While tone has seemingly changed at EPA,
what appears unchanged is policy.
Wheeler made clear that he would pursue
the same policy priorities that Pruitt had.
One thing that was certainly different about Wheeler’s “town hall” was the presence of journalist Eric Lipton (may require subscription) (along with droves of other reporters). The New York Times investigative ace had uncovered many EPA scandals during the Pruitt era, and was one of the many reporters who had been selectively excluded and personally attacked by previous EPA press honchos.
Lipton acknowledged, in his subsequent article, that Wheeler had made changes in press operations — ending the selective exclusion and updating his calendars promptly. And for many other media — such as the AP’s Ellen Knickmeyer, whom guards had weeks before physically shoved out of the EPA building — the headline was a new tone and style (may require subscription) of openness. The apparent shift has also been noted in articles by Bloomberg and Greenwire (subscription required).
That story has held up in subsequent weeks. Pruitt had devolved into giving interviews largely to Fox and Breitbart in his last months. But Wheeler gave major interviews to serious mainstream media in his first days: Washington Post (may require subscription), Greenwire, Wall Street Journal (subscription required) and Bloomberg.
So changes in EPA press office behavior seem to be one real change under Wheeler. While the vacancies left by departing Pruitt spokespersons have yet to be officially filled, John Konkus seems to have emerged for now as the de facto top spokesman under Wheeler.
But while tone has seemingly changed at EPA, what appears unchanged is policy. At his town meeting, for instance, Wheeler made clear that he would pursue the same policy priorities that Pruitt had. Case in point: He did not mention climate at all.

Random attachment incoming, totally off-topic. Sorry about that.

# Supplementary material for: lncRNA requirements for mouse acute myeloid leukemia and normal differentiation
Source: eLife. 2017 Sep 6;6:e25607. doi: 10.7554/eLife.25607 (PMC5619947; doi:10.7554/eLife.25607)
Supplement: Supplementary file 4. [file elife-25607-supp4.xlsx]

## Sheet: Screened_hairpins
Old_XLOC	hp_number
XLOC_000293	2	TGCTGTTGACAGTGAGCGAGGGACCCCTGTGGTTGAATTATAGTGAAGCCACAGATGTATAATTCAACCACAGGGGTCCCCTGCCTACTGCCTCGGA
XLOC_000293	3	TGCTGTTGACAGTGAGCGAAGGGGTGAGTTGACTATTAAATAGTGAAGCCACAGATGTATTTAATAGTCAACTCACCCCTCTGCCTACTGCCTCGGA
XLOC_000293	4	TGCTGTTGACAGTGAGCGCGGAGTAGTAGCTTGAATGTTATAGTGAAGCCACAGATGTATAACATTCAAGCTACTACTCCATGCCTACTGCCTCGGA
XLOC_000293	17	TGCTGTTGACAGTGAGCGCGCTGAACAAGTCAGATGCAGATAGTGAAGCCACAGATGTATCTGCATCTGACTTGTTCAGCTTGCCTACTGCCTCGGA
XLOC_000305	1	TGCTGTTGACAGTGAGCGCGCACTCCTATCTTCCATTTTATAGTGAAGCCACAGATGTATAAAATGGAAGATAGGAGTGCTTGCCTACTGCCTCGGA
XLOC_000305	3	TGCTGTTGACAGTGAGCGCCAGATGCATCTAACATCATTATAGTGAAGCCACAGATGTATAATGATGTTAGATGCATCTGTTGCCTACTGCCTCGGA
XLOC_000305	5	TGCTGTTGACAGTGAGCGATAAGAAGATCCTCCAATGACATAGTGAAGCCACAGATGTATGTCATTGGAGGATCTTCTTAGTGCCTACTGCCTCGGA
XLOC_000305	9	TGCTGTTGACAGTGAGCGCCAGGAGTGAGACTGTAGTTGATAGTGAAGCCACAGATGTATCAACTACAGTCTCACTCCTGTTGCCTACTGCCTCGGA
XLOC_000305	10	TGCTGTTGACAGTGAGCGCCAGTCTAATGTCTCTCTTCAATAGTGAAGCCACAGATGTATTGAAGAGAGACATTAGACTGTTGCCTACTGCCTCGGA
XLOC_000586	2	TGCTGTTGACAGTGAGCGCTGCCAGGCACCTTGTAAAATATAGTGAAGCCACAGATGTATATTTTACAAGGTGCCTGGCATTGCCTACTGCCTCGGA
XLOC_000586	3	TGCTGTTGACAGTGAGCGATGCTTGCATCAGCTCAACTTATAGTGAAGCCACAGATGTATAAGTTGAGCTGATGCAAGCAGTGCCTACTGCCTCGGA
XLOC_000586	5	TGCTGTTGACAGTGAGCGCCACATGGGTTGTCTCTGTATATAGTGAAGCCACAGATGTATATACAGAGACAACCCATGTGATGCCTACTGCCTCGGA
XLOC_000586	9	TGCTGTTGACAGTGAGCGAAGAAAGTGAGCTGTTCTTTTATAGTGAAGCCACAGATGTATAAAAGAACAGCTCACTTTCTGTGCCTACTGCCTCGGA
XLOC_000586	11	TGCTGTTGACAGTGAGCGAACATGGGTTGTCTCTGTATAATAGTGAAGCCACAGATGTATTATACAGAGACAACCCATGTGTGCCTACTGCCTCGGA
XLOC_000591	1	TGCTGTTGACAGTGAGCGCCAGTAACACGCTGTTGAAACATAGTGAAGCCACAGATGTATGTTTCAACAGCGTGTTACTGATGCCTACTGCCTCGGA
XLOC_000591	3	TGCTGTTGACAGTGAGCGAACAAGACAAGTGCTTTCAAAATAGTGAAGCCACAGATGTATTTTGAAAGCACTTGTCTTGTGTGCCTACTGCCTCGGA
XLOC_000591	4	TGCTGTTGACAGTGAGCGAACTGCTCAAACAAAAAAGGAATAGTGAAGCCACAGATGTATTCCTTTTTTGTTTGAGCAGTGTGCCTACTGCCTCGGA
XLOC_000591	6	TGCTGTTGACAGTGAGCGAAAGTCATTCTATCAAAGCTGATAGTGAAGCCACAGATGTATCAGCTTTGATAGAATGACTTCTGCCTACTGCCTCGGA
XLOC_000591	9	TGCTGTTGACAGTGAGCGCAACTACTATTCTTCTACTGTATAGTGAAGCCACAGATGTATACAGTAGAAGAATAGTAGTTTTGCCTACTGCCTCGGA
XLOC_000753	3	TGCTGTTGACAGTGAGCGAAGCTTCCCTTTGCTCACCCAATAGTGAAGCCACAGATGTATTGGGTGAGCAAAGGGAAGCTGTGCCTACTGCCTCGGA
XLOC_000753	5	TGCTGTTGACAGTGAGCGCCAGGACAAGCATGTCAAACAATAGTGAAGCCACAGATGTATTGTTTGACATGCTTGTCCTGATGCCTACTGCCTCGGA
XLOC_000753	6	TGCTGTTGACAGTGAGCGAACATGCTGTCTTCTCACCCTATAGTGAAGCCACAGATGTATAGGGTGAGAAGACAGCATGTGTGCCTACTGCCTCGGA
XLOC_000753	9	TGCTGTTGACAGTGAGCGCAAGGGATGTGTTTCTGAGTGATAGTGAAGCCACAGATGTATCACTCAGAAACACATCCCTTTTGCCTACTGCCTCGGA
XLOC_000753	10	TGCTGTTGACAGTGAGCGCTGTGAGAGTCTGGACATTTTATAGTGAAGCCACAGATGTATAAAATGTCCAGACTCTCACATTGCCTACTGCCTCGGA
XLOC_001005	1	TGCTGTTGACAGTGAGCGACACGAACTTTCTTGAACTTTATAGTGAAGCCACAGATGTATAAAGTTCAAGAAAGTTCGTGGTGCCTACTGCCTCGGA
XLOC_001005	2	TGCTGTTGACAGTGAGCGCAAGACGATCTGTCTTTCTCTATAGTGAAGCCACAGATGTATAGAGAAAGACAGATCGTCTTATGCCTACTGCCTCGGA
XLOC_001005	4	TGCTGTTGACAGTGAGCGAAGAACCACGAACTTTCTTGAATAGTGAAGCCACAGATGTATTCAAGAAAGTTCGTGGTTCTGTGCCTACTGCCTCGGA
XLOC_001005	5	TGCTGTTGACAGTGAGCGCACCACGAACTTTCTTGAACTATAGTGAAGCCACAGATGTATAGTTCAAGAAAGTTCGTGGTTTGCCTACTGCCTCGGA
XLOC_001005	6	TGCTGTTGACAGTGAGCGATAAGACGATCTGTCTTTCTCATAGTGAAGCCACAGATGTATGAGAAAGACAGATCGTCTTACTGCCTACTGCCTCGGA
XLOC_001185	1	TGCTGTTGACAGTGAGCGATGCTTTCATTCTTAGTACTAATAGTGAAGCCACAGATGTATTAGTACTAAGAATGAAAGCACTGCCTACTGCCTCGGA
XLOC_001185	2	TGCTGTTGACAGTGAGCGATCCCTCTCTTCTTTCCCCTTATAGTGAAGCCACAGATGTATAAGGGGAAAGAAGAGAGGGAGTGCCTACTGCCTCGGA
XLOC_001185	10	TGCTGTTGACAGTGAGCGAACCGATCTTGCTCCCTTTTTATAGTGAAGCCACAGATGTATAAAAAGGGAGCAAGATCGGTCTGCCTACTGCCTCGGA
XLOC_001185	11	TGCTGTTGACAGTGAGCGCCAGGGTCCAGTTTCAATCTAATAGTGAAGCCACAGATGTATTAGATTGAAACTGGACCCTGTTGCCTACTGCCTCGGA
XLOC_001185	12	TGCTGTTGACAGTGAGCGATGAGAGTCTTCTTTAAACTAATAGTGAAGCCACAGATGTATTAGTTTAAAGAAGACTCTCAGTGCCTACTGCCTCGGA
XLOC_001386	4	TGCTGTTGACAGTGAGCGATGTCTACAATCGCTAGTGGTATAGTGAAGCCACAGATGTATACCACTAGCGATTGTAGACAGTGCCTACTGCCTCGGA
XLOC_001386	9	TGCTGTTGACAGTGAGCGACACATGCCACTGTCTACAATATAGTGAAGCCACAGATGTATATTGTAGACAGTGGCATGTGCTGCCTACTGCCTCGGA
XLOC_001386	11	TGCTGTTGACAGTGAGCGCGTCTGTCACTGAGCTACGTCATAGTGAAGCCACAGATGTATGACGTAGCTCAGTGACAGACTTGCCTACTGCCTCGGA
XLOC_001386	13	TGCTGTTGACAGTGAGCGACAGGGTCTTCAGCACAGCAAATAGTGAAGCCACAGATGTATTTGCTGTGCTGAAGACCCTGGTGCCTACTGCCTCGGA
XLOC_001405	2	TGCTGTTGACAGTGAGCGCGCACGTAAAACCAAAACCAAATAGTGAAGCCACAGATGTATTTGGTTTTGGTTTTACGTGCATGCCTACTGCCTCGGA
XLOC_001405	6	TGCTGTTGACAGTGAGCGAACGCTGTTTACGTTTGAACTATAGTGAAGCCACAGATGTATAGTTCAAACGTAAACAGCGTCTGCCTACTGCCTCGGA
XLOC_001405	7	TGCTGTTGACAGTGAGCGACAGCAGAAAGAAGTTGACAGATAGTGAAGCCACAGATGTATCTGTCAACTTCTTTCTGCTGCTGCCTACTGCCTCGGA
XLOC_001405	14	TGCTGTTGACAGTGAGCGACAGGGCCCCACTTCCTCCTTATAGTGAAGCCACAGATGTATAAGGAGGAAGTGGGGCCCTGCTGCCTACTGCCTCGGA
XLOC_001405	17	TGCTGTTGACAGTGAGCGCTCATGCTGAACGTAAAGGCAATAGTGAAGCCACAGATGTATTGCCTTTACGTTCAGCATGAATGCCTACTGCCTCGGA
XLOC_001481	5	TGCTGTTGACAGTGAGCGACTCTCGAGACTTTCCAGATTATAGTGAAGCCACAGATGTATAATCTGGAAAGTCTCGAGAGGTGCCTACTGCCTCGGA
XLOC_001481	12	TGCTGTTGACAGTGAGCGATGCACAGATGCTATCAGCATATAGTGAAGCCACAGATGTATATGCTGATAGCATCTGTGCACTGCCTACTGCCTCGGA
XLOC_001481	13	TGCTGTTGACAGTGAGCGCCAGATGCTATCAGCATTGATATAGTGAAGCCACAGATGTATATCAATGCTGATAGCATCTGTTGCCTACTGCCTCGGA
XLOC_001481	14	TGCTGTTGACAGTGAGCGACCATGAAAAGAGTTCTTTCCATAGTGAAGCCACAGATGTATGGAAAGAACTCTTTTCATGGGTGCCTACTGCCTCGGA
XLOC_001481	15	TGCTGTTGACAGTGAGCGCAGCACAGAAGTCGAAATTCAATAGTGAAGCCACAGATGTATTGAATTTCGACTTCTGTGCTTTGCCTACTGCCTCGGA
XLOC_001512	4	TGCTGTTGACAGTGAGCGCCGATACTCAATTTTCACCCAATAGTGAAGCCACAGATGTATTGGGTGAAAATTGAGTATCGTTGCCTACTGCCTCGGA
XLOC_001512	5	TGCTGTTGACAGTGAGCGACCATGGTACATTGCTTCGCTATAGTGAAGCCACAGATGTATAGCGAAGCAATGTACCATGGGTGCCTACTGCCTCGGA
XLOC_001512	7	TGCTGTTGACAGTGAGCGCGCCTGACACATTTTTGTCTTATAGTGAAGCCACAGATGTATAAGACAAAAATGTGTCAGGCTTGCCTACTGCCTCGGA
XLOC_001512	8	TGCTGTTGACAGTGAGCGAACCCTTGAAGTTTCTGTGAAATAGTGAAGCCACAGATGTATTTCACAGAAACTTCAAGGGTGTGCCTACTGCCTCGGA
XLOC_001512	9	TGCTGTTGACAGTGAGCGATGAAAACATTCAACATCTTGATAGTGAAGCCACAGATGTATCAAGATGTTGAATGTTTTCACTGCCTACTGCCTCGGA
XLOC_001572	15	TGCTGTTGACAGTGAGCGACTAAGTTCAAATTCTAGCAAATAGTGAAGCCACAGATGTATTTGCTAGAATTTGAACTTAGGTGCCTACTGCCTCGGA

Wheeler has remained unapologetic about his coal lobbying. So perhaps it was no surprise that one of his first major moves as acting administrator was to finalize a rule easing EPA restrictions on the disposal of toxic coal ash — a change that had been in the pipeline under Pruitt.
Another example is Wheeler’s reported intention to go ahead with loosening Obama-era auto emissions standards.
But one item to watch: While Wheeler’s advent has to some extent reset the counter on EPA scandals (some Pruitt scandals persist), we may yet see new scandals emerge under Wheeler. Wheeler has promised to recuse himself from decisions affecting his old lobbying clients — but doing that may be problematic (may require subscription). And some of the scandals may span the change in administrators, such as EPA’s apparent policy of slowing down responses to Freedom of Information Act requests.
* From the weekly news magazine SEJournal Online, Vol. 3, No. 28. Content from each new issue of SEJournal Online is available to the public via the SEJournal Online main page. Subscribe to the e-newsletter here. And see past issues of the SEJournal archived here.